As the world ages, cancer cases are expected to rise, hitting some countries like a “tidal wave” | Top Vip News

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Every year around the world, tens of millions of people are told they have cancer and millions die from the disease. Now, a report from the American Cancer Society projects that by 2050, the number of people with cancer could increase by 77%.

The report, published Thursday in the journal CA: A cancer magazine for doctorsfound that in 2022, the most recent year for which data was available, about 20 million cancer cases and 9.7 million cancer deaths were diagnosed.

These estimates suggest that approximately 1 in 5 people who are alive now will develop cancer during their lifetime, and about 1 in 9 men and 1 in 12 women will die from the disease.

When it comes to the number of cases worldwide, “we believe that number will increase to 35 million by 2050, largely due to the increase in the aging population,” he said. Dr. William Dahutscientific director of the American Cancer Society.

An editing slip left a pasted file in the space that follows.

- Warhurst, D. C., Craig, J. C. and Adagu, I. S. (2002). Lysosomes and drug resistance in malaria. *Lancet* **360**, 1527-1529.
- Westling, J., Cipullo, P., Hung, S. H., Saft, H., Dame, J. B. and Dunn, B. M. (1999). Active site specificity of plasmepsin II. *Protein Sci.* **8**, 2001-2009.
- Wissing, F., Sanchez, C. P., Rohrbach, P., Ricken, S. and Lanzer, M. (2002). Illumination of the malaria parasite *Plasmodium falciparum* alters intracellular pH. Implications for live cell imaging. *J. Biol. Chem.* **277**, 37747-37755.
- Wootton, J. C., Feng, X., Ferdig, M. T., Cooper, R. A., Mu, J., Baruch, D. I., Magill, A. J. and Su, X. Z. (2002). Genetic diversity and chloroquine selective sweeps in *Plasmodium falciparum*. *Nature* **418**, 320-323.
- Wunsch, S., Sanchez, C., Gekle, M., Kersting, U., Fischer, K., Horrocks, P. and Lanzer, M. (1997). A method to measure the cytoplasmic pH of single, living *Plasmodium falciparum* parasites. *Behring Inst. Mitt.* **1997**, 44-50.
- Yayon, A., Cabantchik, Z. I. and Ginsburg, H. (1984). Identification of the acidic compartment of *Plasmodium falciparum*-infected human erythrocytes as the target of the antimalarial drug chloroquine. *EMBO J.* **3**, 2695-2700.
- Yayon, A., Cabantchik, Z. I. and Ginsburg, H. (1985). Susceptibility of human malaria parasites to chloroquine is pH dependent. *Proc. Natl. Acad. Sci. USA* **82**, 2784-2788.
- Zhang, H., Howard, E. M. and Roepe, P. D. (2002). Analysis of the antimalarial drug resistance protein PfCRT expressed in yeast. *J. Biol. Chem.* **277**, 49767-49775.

The new report says population growth and aging are key drivers of the size of the global cancer burden, with the global population of around 8 billion people in 2022 projected to reach 9.7 billion in 2050.

But if more people also use tobacco and more have obesity, along with other cancer risk factors, the projected number of cancer cases could rise even further, Dahut warned, especially in low-income countries.

“Many of the cancer-causing factors that we have traditionally seen in high-income countries, such as tobacco and obesity, are now moving to low-income countries,” Dahut said, adding that this trend is worrying. .

“These are countries that do not have the tools to detect cancer in its early stages, treat it properly and prevent it as is often done in other countries,” he said. “We are concerned that we are going to see higher incidence rates, higher mortality rates, particularly in low-income countries, where cancers are now being driven not only by traditional cancer factors but also by external factors such as tobacco and obesity.”

New report includes global data on cancer incidence and death from World Cancer Observatorya database of the World Health Organization.

Data shows that lung cancer was the most frequently diagnosed form worldwide in 2022, with almost 2.5 million new cases and more than 1.8 million deaths.